An artificial intelligence that helps coding was developed by Github and OpenAI

Github Copilot aims to make the life of programmers and developers easier by offering them snippets of code or entire functions automatically. Can such an invention really work?

Code that writes itself? It is the dream of many coders who have to deal with the intricacies of different computer languages ​​every day. And that’s what Github and OpenAI promise, at least in part, with a ” pair programming with artificial intelligence “.

Named Github Copilot, the feature was announced on June 29, but is not yet available to the general public: you must for now request to subscribe to the technical preview in order to have access to it. As of yet, there is no official date for large-scale commercialization yet. The explanations of Github and its managing director, Nat Friedman, however draw a promising technology, which could save time for developers, beginners as well as experienced.

What is Github Copilot?

Github Copilot is the result of a partnership between Github, the very popular development platform, and OpenAI, a company specializing in research on artificial intelligence, and known for having, among other things, created an extremely powerful text generator. Copilot is powered by one of the artificial intelligences inspired by this text generator: OpenAI Codex.

OpenAI Codex is able to mimic the way people code “Says Nat Friedman in a blog post,” and it is considerably better than previous text generation software because it has been trained on very large databases, including a lot of open source code. “. The text speaks of several billion lines of code analyzed.

An example of a suggestion from Copilot // Source: Github / OpenAI

The promise of Copilot is impressive: Copilot would suggest entire lines of code, but also, some functions. Among the examples presented on Github, Copilot would automate certain repetitive tasks, convert certain comments into lines of code, and offer several alternatives and solutions, when you are stuck in a passage.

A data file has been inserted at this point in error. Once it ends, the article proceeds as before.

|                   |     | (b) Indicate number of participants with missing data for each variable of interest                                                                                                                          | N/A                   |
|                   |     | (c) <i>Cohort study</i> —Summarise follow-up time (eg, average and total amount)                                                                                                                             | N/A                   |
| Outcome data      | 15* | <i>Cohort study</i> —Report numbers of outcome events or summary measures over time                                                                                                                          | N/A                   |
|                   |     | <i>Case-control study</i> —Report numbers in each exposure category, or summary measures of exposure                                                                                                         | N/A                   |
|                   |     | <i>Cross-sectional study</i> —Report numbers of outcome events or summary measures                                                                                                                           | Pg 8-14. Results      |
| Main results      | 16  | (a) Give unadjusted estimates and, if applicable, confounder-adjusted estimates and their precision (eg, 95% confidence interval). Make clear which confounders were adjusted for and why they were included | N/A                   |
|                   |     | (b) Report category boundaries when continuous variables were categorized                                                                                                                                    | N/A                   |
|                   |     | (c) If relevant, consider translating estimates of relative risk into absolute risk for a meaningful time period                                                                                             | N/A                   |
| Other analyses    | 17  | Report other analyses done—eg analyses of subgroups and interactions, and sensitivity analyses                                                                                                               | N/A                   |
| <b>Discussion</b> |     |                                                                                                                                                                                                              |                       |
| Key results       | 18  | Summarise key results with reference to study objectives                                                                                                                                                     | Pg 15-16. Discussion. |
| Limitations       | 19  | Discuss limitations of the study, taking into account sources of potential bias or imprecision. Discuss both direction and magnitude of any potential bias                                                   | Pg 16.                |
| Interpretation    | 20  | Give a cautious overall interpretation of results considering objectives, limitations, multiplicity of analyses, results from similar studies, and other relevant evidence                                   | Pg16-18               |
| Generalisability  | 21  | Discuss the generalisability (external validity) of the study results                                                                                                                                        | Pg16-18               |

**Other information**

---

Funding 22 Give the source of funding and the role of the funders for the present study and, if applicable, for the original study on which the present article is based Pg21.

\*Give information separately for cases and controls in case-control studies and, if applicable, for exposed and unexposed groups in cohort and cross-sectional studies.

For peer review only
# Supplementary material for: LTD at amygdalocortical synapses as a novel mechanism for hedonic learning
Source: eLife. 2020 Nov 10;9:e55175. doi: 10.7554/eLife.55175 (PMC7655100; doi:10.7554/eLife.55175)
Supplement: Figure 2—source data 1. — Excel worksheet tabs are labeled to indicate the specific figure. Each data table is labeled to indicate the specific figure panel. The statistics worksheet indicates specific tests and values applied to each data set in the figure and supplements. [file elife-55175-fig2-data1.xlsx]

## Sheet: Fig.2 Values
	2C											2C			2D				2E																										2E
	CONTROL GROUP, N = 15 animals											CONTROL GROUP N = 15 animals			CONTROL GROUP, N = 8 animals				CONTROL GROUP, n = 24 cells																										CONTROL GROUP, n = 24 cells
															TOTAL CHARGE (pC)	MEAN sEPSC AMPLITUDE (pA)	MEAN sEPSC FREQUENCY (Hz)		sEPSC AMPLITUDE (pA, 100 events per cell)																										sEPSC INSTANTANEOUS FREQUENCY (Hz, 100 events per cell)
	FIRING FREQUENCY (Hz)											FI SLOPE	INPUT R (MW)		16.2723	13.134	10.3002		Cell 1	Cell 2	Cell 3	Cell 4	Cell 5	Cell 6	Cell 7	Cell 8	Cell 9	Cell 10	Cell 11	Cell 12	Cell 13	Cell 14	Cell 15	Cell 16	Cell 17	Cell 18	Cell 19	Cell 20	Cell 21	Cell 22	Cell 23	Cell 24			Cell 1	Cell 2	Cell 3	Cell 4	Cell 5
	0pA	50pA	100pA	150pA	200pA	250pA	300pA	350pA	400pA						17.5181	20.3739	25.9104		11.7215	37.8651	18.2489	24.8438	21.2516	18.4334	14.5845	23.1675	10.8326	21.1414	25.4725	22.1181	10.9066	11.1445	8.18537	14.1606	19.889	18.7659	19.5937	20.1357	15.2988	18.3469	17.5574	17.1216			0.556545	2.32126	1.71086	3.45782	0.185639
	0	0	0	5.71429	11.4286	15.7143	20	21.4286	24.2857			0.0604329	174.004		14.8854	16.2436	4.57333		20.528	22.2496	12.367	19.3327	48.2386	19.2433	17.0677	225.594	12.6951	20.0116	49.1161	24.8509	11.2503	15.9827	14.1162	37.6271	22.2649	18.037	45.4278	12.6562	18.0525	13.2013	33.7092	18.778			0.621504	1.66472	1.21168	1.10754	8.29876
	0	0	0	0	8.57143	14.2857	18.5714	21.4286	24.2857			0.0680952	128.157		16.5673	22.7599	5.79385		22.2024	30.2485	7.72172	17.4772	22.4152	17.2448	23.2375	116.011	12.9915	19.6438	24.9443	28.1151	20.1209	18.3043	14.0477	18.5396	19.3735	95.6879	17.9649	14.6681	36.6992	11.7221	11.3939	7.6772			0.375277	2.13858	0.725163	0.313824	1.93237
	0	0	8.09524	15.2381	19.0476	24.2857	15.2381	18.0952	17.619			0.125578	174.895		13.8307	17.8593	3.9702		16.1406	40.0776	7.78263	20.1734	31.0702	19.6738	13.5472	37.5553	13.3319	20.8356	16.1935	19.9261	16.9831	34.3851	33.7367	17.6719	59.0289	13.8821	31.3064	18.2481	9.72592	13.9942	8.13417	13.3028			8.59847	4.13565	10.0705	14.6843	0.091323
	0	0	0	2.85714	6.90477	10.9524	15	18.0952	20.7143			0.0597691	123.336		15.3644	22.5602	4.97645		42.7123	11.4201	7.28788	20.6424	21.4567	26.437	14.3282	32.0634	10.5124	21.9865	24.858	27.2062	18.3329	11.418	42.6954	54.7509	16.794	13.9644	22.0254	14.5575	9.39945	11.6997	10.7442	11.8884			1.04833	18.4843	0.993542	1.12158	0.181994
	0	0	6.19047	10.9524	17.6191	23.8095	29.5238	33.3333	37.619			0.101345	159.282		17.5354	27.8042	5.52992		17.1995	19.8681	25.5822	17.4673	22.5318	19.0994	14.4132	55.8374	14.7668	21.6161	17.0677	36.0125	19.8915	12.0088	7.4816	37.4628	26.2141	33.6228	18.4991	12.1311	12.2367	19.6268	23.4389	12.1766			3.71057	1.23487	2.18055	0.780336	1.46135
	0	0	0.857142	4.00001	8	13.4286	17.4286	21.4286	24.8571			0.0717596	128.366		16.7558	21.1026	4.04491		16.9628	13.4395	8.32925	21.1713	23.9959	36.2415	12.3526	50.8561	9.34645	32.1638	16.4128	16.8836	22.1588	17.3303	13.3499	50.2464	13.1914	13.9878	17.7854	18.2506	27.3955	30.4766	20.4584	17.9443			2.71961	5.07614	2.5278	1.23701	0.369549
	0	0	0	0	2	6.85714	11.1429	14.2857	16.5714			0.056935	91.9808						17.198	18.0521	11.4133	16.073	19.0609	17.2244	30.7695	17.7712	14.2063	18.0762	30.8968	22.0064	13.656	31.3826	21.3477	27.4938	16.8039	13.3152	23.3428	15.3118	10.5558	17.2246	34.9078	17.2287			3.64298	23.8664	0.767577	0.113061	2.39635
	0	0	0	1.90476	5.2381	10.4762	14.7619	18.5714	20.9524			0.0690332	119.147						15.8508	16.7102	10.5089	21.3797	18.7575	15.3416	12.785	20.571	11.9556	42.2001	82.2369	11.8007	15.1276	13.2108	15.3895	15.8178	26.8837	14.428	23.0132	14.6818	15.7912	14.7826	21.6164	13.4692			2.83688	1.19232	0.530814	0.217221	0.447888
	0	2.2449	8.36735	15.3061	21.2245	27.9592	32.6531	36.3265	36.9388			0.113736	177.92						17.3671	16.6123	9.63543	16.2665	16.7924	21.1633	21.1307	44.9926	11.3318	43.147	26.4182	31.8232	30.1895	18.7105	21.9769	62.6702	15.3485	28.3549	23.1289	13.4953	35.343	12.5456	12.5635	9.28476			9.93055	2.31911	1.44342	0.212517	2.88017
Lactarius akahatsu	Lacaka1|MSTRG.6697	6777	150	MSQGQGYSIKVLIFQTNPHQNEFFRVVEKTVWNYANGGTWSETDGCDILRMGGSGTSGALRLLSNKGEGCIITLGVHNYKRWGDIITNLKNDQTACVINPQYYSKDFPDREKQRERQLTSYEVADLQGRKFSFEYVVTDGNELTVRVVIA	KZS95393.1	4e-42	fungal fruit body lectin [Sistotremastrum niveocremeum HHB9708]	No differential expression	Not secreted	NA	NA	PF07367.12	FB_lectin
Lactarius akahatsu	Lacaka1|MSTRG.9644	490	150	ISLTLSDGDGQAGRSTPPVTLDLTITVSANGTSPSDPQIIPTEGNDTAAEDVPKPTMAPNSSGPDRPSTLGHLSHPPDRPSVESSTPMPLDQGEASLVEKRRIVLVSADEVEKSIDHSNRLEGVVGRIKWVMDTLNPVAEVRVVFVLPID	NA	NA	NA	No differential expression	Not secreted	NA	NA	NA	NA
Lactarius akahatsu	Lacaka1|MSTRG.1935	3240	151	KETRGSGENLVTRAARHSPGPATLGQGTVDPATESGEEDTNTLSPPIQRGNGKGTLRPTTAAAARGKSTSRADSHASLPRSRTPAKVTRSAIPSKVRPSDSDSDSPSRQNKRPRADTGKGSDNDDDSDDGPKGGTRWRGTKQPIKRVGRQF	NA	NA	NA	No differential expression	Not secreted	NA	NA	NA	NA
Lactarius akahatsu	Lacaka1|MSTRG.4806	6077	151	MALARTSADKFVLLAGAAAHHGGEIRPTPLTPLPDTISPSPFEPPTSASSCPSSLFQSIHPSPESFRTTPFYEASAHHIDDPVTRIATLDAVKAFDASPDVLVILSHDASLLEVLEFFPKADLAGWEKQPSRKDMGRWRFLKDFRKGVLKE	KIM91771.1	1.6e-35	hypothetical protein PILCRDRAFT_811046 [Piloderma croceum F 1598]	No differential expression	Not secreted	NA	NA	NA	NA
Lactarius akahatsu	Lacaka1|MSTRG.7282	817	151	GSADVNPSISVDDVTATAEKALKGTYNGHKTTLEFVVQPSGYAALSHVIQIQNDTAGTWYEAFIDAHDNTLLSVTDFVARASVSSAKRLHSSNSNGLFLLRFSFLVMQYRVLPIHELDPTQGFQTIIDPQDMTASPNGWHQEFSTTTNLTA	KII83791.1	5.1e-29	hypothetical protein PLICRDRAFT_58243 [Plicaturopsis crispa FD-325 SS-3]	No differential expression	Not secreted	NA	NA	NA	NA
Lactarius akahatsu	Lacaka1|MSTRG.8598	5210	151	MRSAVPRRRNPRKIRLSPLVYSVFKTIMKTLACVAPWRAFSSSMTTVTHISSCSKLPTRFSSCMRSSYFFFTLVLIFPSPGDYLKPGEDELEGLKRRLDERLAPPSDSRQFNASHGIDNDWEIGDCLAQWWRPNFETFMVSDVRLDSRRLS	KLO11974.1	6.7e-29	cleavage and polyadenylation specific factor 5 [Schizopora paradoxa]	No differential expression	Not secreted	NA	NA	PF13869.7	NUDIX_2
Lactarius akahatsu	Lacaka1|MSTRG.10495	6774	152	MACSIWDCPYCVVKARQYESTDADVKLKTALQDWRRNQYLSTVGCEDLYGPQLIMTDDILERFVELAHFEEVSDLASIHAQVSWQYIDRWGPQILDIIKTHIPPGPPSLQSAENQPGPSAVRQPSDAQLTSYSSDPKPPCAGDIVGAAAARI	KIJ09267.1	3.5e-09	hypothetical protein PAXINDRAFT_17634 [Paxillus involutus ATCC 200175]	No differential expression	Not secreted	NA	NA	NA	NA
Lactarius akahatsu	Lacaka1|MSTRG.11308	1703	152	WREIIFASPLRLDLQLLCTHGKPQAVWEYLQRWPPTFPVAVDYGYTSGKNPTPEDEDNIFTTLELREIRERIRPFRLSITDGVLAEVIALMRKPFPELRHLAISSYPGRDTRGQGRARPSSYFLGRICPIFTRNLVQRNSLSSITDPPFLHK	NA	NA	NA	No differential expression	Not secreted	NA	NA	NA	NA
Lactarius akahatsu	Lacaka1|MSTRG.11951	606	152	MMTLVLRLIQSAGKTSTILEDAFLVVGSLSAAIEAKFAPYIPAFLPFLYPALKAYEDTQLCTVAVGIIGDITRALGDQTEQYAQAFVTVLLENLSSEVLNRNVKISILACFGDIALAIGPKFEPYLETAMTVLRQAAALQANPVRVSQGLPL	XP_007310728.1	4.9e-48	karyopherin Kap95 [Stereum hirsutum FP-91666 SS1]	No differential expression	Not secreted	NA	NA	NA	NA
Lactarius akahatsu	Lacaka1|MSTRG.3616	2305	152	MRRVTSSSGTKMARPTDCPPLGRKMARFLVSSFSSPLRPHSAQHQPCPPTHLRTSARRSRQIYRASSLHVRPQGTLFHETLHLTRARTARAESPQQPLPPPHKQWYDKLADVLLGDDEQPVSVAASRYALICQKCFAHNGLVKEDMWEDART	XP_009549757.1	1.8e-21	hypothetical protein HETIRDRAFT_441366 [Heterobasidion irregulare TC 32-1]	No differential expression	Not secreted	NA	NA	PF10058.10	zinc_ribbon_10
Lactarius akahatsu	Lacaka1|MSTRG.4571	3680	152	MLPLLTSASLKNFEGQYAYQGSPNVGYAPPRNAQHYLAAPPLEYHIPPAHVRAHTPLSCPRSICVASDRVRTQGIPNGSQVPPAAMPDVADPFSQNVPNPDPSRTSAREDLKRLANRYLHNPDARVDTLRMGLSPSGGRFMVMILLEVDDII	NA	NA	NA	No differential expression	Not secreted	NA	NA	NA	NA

According to Github, Copilot is even so good that it could figure out what to code depending on the context. OpenAi promises that he could ” learn from the corrections you make on his suggestions, and adapt to your writing style “. The two companies also plan to use Copilot in several languages: Python, JavaScript, TypeScript, Ruby, and Go.

Does it really work?

So, does this revolutionary invention really work? For now, it’s hard to say: there hasn’t really been a full-scale test with a lot of users. Copilot is only available in technical preview . Github is very happy with the results, citing engineers who have tested the feature and judge it ” mind blowing “.

How Copilot works // Source: Github

Difficult, however, to separate things, given that these testimonials were chosen by Github. However, the platform recognizes in its FAQ that Copilot “ don’t write perfect code “. ” The code that Copilot offers doesn’t always work, and doesn’t always make sense. Lines of code written by Copilot must always be tested, evaluated, and approved. “.

What future for such technology?

Potentially, such technology could change a lot of things. If Copilot does manage to be used on a large scale, one can imagine reduced production times and more robust codes – but that certainly won’t be for now. As we said above, there is currently no announced date for a large-scale Copilot launch. Github has not announced anything definitive in this direction, it is only mentioned of a potential sale ” if the tests with the technical preview are conclusive “.

However, Github warns users of its new technology: like all artificial intelligences, Copilot has biases. They will be all the more dangerous if they are repeated endlessly, in millions of lines of open source code. ” We have put in place filters in the technical preview that allow you to avoid offensive terms “, Is it explained in the FAQ, however,” it is not impossible that discriminating results appear “. Indeed, artificial intelligences are based on huge databases to train. However, if these databases themselves contain racist or sexist biases, they risk being learned by AIs, and subsequently reproduced.

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